Friday, January 30, 2009

NCS Division Awards: Deadline Today

More information here.

Photo: a glittering display of plaques from last year's NCS Reubens weekend.

Video: Jackie Ormes

Author Nancy Goldstein talks about Jackie Ormes, the first African-American female cartoonist, in this interview from KMBC.

Congratulions, Atomic Robo! UPDATED

Congrats to fellow New Hampshire cartoonist Steve Wegener who, along with writer Brian Clevinger, made the ALA's 2009 Top Ten Great Graphic Novels for Teens list with their ATOMIC ROBO AND THE FIGHTIN' SCIENTISTS OF TELSADYNE book.

UPDATED: I mean Scott Wegener. Not Steve. Sorry, Scott.


James Parker writes a primer to BATTLESTAR GALACTICA in this month's Atlantic. After explaining that the show is based on a chilly, silly 1970s space opera, he continues, "the retooled Battlestar Galactica has plunged into the burning issues of the day. Suicide bombers, torture, occupation, stolen elections. Homosexuality, reproductive rights, religious fundamentalism, genocide."

I especially liked this paragraph:

Of course, not everybody approves of the new direction. Dirk Benedict, who in the original series played the satyric flying ace and cigar-smoker Starbuck, was appalled to discover that his character had been reconceived as a woman—an angry and outspoken woman (Katee Sackhoff) at that, smoking a goddamned cigar! It was feminism, it was the humorless temper of the times—and from his home in the great state of Montana, the old trouper issued a counterblast. “The creative artists have lost and the Suits have won,” he declared in an essay for the May 2004 issue of the magazine Dreamwatch. “Suits. Administrators. Technocrats. Metro-sexual money-men (and women) who create formulas to guarantee profit margins.” The title of the essay was “Starbuck: Lost in Castration.” (Other members of the old guard proved more tractable. Richard Hatch, the original Captain Apollo, found a new role—while preserving, remarkably, the old hairstyle—as Tom Zarek, a William Ayers–like bomb-thrower who rehabilitates himself and becomes vice president.)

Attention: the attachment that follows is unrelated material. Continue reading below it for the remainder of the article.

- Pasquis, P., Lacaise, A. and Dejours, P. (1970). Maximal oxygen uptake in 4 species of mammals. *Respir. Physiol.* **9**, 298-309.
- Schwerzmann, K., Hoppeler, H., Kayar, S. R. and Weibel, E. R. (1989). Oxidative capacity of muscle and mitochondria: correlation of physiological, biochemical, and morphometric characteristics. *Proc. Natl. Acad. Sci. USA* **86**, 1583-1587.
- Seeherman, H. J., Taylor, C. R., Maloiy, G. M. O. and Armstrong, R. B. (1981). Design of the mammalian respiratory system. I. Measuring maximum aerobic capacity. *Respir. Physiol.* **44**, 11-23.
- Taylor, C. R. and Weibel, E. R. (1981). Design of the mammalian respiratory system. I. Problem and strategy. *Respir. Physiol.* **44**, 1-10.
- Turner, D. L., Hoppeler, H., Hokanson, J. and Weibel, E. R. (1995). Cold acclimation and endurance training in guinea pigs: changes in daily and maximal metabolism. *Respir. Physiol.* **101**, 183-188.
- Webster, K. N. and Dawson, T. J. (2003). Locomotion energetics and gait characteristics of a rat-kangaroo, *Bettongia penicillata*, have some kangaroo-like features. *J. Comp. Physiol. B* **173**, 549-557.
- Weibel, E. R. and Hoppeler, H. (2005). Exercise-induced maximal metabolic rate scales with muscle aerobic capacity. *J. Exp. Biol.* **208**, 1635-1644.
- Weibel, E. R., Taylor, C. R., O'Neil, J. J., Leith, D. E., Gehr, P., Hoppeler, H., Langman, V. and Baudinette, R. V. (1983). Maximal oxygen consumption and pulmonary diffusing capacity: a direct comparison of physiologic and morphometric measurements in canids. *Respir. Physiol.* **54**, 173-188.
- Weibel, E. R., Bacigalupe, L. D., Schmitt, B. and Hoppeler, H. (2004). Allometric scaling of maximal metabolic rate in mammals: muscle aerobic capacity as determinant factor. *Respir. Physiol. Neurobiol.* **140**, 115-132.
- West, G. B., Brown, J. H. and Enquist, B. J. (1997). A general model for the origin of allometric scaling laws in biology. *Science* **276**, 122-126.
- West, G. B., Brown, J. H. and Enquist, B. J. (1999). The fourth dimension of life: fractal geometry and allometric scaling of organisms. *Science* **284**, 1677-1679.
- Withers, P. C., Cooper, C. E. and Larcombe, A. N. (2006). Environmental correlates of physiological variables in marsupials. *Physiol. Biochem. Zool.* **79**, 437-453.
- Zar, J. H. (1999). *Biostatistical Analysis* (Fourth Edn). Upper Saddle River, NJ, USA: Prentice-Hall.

I post this here because I haven't seen mention of this article on any blogs, and it's nice to get the tip of the hat on a science fiction TV show from the lofty literary pillars of The Atlantic.

Brady is right: the show had some great, tough, insightful episodes. But I haven't seen any in a while. I've heard that the producers have been busy with developing a new show, a prequel program titled CAPRICA. Ever since I heard that, the program has pulled out all stops, relying on shock after shock; the deaths of supporting characters, the conceit that recurring characters are really evil Cylons. The last one, which was hinted at for weeks, was just silly. Maybe they think my jaw will drop; well, it did, but in a shark-jumpy reaction.

Anyone can write a good first act. The show, like LOST or TWIN PEAKS or THE PRISONER, has no third act. In its final season, now playing out on the Sci Fi channel, BSG is spinning plates, cooking up new mysteries and intrigues at this time. These events don't look like the tying up of loose ends. I hope I'm wrong. I like the show and would love to see a strong finish.